Times have changed. Today most of us carry around more computing power in our pockets than was carried into space on the first space shuttle. Fire protection engineers today have access to powerful computational fluid dynamics fire models that can predict fire and smoke spread in buildings based on the actual building configuration and fuel load. Egress models also continue to evolve and can be used to predict where building occupants will be when the effects of fire might potentially impact a specific area.  
Because no two atrium building designs are the same, the 1988 edition of the Life Safety Code deleted the prescriptive smoke removal system criteria in favor of an engineered approach specific to the building design. In the 1997 edition, the minimum size requirements were removed, and an allowance for an unlimited number of stories to be open to the atrium was added based on a required engineering analysis. The engineering analysis was required to demonstrate that the building was designed to keep the smoke layer interface above the highest unprotected opening to adjoining spaces, or six feet (1.85 meters) above the highest floor level of exit access open to the atrium for a time period equal to 1.5 times the calculated egress time or 20 minutes, whichever was greater.
The Life Safety Code requirements for atriums haven’t changed much since the 1997 edition. Over the last 20 years, however, the tools to perform the required engineering analysis have matured, and the fire protection engineers who utilize them have gained invaluable experience. John Portman’s legacy will live on in every new atrium building. More importantly, perhaps, his legacy will also live on in the partnership between building designers, AHJs, and standards development organizations as codes like NFPA 101 continue to undergo revisions to promote, and not hinder, advancements in innovative building design.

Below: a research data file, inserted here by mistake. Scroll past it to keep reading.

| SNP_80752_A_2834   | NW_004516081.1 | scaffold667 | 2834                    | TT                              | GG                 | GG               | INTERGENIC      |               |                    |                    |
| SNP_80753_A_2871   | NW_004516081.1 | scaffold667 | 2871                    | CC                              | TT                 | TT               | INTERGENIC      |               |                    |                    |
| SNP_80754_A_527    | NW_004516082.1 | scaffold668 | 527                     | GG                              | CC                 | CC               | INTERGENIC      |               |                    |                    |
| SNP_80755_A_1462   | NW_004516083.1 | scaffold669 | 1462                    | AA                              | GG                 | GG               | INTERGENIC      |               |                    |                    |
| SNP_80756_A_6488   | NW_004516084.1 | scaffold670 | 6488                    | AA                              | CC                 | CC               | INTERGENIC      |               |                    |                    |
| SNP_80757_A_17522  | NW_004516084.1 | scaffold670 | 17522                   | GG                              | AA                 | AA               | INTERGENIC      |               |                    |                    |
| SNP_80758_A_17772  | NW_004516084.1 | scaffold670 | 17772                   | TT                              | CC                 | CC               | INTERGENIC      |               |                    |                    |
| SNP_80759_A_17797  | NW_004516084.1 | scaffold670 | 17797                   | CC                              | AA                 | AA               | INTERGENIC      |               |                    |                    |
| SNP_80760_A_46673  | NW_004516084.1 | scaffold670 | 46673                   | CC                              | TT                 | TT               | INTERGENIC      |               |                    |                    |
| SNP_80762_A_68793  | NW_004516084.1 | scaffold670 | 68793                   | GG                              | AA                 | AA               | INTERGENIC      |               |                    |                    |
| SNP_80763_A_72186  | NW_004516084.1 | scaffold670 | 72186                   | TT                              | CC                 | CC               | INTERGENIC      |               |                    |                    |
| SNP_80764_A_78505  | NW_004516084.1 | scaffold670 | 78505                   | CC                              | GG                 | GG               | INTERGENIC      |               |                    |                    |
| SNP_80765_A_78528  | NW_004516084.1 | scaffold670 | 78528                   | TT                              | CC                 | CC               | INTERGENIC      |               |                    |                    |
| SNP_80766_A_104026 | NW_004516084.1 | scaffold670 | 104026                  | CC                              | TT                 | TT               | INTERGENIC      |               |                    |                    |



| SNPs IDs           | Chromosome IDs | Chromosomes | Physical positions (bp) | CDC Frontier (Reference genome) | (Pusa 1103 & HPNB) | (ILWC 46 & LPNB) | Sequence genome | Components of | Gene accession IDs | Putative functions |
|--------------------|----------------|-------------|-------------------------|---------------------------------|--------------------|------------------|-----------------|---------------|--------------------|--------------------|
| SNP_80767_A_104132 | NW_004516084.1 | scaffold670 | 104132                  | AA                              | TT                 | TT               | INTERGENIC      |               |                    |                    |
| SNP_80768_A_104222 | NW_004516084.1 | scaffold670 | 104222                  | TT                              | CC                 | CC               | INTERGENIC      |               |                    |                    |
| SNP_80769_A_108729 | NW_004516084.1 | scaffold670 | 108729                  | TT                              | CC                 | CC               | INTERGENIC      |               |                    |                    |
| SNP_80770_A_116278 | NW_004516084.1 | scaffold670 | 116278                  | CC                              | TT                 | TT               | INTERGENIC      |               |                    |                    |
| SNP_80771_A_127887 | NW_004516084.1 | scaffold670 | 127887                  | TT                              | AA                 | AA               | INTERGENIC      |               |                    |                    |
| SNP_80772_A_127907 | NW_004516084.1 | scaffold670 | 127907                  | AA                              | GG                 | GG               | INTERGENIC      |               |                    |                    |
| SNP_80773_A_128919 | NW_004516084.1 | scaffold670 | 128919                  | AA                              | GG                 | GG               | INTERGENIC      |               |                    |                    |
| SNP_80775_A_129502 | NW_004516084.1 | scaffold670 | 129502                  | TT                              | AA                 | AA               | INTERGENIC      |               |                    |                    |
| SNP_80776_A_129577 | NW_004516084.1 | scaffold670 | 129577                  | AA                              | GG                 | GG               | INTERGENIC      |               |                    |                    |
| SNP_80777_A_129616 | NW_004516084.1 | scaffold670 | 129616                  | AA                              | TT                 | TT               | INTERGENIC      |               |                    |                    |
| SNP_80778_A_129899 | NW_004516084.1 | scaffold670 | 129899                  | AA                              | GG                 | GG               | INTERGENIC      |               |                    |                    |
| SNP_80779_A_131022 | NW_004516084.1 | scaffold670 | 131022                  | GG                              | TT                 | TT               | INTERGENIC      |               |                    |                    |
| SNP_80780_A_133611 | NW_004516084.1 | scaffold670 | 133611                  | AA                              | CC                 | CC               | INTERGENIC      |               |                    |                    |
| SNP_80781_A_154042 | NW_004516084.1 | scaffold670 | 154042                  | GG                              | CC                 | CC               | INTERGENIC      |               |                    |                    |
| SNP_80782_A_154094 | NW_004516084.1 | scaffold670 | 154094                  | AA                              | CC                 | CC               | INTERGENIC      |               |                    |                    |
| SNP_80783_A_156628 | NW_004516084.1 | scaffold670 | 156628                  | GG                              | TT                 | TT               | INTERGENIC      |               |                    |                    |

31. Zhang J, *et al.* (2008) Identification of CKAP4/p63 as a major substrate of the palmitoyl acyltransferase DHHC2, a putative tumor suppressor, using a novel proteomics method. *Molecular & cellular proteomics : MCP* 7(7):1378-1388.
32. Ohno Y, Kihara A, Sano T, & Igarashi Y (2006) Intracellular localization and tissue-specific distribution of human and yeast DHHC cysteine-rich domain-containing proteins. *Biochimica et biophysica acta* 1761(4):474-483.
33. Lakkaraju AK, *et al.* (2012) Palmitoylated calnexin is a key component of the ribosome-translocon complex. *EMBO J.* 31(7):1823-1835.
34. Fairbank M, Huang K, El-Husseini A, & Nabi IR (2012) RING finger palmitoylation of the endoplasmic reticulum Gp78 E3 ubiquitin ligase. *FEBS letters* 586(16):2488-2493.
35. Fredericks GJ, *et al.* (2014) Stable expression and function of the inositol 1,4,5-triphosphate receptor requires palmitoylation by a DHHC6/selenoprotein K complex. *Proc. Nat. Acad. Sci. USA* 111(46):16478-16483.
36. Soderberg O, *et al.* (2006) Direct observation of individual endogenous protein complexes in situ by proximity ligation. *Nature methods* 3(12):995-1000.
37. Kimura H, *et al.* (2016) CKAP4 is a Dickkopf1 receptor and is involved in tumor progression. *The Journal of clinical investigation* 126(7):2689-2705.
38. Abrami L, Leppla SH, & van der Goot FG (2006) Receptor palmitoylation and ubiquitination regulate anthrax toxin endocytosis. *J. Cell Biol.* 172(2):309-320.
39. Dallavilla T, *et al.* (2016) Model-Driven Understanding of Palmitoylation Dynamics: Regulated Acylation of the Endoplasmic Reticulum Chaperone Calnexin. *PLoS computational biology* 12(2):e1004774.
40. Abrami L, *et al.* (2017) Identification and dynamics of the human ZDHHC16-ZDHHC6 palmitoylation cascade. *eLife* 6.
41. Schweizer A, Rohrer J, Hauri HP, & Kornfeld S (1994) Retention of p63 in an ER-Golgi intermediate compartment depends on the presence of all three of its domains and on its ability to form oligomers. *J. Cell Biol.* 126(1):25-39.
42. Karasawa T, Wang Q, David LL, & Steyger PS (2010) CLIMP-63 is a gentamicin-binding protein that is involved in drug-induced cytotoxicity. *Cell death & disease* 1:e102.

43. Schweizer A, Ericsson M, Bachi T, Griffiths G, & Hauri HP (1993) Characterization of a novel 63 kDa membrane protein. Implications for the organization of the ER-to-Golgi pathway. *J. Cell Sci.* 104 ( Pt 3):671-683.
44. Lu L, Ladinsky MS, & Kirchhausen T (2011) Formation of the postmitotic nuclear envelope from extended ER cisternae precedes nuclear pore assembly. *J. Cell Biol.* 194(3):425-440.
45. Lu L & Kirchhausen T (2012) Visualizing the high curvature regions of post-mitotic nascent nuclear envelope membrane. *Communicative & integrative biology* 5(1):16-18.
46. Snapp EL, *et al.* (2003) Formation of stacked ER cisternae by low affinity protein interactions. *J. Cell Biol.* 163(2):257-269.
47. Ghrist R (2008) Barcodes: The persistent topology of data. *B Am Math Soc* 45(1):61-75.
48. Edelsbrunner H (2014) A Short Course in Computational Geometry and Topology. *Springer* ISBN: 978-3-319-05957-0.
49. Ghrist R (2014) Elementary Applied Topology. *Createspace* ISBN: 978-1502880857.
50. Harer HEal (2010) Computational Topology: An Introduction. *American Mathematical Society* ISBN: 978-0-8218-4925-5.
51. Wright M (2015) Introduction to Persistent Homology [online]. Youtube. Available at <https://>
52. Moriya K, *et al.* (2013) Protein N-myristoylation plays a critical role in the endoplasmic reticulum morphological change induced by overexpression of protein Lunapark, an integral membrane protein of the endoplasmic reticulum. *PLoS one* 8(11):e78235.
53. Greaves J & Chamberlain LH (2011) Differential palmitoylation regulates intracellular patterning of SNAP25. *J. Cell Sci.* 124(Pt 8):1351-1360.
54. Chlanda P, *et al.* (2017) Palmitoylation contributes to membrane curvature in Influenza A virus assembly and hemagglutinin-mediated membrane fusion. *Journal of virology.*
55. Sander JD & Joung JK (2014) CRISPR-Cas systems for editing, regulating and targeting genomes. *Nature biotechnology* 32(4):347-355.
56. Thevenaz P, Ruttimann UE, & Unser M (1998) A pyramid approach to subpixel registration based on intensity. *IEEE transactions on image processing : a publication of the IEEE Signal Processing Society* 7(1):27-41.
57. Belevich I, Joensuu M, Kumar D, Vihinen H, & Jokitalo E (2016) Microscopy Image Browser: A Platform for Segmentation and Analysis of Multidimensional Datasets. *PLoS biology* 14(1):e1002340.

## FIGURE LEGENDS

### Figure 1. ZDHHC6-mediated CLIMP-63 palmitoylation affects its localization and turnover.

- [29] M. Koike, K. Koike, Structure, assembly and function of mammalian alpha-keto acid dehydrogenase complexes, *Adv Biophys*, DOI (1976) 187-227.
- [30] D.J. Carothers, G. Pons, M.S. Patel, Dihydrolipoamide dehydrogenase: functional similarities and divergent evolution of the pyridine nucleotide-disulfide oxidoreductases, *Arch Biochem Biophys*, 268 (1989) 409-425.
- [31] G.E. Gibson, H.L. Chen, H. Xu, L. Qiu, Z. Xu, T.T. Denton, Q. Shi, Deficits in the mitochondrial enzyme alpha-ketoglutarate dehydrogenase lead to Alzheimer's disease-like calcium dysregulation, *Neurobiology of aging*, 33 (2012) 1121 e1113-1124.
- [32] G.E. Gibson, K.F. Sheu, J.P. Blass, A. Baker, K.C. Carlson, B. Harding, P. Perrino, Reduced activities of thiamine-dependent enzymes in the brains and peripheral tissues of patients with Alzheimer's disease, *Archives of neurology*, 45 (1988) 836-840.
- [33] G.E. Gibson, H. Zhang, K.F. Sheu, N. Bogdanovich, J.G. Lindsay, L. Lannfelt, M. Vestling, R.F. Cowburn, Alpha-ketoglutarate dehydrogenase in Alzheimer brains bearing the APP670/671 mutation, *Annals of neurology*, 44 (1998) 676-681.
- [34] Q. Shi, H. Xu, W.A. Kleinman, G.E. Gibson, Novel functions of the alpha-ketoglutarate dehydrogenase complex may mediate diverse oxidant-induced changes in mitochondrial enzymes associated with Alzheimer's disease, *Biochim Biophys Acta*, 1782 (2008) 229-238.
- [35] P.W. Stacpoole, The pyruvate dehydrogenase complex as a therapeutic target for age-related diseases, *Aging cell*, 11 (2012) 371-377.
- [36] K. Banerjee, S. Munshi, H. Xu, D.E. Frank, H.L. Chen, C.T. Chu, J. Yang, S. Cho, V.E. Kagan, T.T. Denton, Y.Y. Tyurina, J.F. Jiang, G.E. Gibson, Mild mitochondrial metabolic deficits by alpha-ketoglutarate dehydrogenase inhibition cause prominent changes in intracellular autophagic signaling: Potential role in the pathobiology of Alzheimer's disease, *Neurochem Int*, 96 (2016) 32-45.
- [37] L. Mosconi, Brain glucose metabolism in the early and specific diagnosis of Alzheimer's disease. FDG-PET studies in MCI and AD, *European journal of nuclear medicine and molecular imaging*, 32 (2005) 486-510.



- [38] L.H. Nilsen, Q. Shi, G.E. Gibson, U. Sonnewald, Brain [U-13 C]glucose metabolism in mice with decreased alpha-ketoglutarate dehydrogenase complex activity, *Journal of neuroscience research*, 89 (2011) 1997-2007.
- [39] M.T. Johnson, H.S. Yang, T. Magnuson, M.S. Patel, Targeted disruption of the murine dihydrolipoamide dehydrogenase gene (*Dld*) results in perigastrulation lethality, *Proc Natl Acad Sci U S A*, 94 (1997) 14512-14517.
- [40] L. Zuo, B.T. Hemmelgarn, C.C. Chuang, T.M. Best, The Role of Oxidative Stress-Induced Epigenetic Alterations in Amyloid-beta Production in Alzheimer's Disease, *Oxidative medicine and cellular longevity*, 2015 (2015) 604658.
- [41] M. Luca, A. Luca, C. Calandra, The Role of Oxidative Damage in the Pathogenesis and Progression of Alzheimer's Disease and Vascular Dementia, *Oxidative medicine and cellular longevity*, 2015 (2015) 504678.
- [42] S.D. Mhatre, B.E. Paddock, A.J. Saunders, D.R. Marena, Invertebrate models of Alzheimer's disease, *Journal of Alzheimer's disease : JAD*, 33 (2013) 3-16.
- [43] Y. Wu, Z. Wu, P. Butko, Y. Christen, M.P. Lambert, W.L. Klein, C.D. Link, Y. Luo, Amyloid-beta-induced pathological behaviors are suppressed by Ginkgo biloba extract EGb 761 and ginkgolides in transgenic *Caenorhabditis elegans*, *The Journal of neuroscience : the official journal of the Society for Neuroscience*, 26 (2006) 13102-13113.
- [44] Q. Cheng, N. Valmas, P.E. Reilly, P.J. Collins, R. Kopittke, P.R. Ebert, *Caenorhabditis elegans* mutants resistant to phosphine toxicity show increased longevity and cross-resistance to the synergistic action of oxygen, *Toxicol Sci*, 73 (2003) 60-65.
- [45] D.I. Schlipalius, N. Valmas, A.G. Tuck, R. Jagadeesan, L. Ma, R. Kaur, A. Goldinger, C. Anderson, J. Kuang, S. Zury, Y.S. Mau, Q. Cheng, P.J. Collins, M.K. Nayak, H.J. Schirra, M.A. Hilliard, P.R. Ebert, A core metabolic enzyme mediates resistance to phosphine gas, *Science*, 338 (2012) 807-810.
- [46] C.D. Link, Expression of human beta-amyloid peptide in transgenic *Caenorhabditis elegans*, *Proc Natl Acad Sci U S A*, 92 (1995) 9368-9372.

Thanks for reading, and as always, stay safe. 
Got an idea for a topic for a future #101Wednesdays? Post it in the comments below. I’d love to hear your suggestions! Did you know NFPA 101 is available to review online for free? Head over to www.nfpa.org/101 and click on “FREE ACCESS.” Follow me on Twitter: @NFPAGregH

If you're a fire service professional who would like to learn more about the science of how homes ignite during a wildfire but your department has limited resources at this time for you to host a training, now is the time to apply. NFPA is offering three FEMA funded trainings in 2018 called "Assessing Structure Ignition Potential from Wildfire (ASIP)." The trainings for ASIP (formerly known as HIZ, or high ignition zones) will address the science of how homes ignite during a wildfire, and how you can share that knowledge with homeowners who want to improve their wildfire safety.

 

The application period for the first class, which will be held in San Diego, California on February 6-7 is now open, and is limited to 35 students. Applications will be accepted on a first come, first serve basis; you must be working for a local or state department as a fire service professional to qualify. For accepted applicants, the funding will cover all costs of the training, including materials, lodging and travel.

 

The skills you gain will enable you to share with residents in your community about how they can better prepare their families, homes, and properties from wildfire. There will be two other training opportunities in 2018, including one in Denver, Colorado, April 24-25, and another at NFPA headquarters in Quincy, Massachusetts, May 8-9. The application period for the Denver training will open on February 12; the application period for Quincy will open on March 19.

 

Students who have taken the training have told us how it has helped them not only be able to better share with their community members what their risks are, but also to make suggestions about how they can take simple steps to make their homes safer in the event of a wildfire. According to a student who participated in our Santa Fe training, “The training is fantastic. Having the science foundations makes the class more viable!”